Professor Hans Rosling, a statistician and epidemiologist who brought dramatic flair to animated visualizations of dry public health data, has died in Finland of pancreatic cancer, according to the foundation he started with his children.

For much of the public not steeped in the arcana of epidemiological data sets or data visualization techniques (a.k.a. normal people), Rosling burst onto the scene in 2010 as part of the BBC special “The Joy of Stats.” “Hans Rosling’s famous lectures combine enormous quantities of public data with a sport’s commentator’s style to reveal the story of the world’s past, present and future development,” the BBC wrote at the time.

Rosling’s dramatic rendition of an animated scatterplot on income and life expectancy has been viewed on YouTube more than 7.5 million times. Watch it and try not to get excited about the material.

Rosling’s work was a driver of some of the explosion of interest in data visualization in the news and nonprofit sectors starting in the early 2000s. His BBC special and TED Talks sparked an interest in “storytelling with data,” rather than just with words.

As someone working in the D.C. nonprofit space circa 2011, Rosling’s influence was everywhere. “Bubble charts,” as his animated scatterplots became known, were held up as the gold standard of communicating with numbers. It seemed like every researcher with a fresh data set wanted to put it in a bubble chart and watch it dance.

But not every data set tells as clear or compelling a story as Rosling’s wealth and life expectancy numbers. Rosling’s genius wasn’t just in the flashy presentations he gave. It also derived from knowing exactly what type of data would lend itself to such flair. I must have put at least 99 different data sets into animated chart frameworks like Rosling’s scatterplot. Most of them just wiggled and twitched aimlessly. Very few of them moved with any purpose.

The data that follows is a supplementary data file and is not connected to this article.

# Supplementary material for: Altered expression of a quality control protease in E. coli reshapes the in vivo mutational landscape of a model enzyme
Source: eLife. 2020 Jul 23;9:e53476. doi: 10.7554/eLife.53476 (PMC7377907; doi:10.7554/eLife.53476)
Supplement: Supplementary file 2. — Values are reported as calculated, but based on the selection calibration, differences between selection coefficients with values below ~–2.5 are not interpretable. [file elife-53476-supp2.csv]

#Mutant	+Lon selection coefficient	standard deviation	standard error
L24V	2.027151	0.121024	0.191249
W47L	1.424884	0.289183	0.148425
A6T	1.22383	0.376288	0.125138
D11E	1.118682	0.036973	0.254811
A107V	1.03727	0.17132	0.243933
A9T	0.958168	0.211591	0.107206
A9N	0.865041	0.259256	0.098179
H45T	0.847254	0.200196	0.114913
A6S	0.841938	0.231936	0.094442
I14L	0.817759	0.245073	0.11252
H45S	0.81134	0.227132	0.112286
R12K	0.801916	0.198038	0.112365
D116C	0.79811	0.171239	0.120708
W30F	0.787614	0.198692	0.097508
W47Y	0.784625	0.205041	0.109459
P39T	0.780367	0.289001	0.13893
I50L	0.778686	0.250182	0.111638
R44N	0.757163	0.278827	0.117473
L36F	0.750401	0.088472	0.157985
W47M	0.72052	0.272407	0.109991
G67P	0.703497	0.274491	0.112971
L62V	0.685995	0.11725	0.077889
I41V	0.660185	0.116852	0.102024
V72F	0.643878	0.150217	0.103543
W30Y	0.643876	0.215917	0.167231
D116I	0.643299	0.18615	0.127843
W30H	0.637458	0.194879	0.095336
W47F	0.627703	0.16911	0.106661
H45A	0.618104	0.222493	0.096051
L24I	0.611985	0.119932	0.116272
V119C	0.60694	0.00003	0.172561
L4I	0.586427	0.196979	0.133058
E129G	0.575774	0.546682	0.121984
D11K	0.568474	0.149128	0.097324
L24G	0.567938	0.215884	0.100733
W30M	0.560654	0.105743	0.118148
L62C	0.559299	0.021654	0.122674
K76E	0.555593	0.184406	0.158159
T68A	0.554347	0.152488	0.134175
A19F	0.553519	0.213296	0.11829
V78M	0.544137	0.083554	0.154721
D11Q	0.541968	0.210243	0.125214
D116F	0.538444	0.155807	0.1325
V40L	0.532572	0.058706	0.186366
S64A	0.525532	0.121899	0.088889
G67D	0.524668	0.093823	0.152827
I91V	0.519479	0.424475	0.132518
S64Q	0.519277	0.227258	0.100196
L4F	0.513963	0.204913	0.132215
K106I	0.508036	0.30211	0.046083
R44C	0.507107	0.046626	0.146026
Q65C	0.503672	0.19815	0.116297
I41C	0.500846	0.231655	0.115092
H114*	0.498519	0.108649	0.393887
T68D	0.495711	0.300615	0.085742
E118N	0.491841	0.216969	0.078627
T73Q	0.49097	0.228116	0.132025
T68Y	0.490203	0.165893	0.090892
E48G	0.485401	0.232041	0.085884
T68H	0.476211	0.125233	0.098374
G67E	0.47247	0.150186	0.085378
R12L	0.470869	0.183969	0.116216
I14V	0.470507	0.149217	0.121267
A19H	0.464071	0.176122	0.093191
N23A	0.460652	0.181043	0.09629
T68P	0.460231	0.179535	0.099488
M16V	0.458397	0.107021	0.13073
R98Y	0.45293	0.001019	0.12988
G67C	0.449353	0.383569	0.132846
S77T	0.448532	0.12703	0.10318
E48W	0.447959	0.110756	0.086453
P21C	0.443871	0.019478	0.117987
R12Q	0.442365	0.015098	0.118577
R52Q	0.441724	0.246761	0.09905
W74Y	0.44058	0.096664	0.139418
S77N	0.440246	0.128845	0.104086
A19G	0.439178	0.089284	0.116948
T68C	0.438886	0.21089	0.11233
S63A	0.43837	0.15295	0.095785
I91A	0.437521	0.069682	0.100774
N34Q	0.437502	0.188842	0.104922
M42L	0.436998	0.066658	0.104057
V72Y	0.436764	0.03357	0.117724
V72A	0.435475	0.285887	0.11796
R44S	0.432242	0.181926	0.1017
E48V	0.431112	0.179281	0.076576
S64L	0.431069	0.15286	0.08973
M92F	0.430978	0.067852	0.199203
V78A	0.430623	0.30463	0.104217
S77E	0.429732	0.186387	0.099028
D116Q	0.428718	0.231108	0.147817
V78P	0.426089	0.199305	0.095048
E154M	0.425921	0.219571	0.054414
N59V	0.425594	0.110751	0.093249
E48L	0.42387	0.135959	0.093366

The other thing Rosling’s moving chart did incredibly well was to allow viewers to grapple with multiple dimensions simultaneously, with ease. In one video, below, the chart contains five dimensions of data: income (x-axis), lifespan (y-axis), population (circle size), geography (circle color) and time (movement). As you watch it, with his narration, you don’t even realize you’re processing information along so many different vectors – it all just makes sense.

Part of the measure of success for Rosling’s work is that you can see work inspired by him just about anywhere now, from news stories to executive Powerpoints. In 2007, working at a wonky D.C. think tank, I was discouraged from creating a simple, non-moving scatterplot because “people wouldn’t know how to read it.” Today, most people wouldn’t give such a chart a second thought.

The loss of Rosling hurts especially in this moment, as politicians and media outlets wrestle over what’s fake and what’s real. Above all Rosling was an advocate for a “fact-based worldview,” one which his family says they’ll carry on at the foundation he started.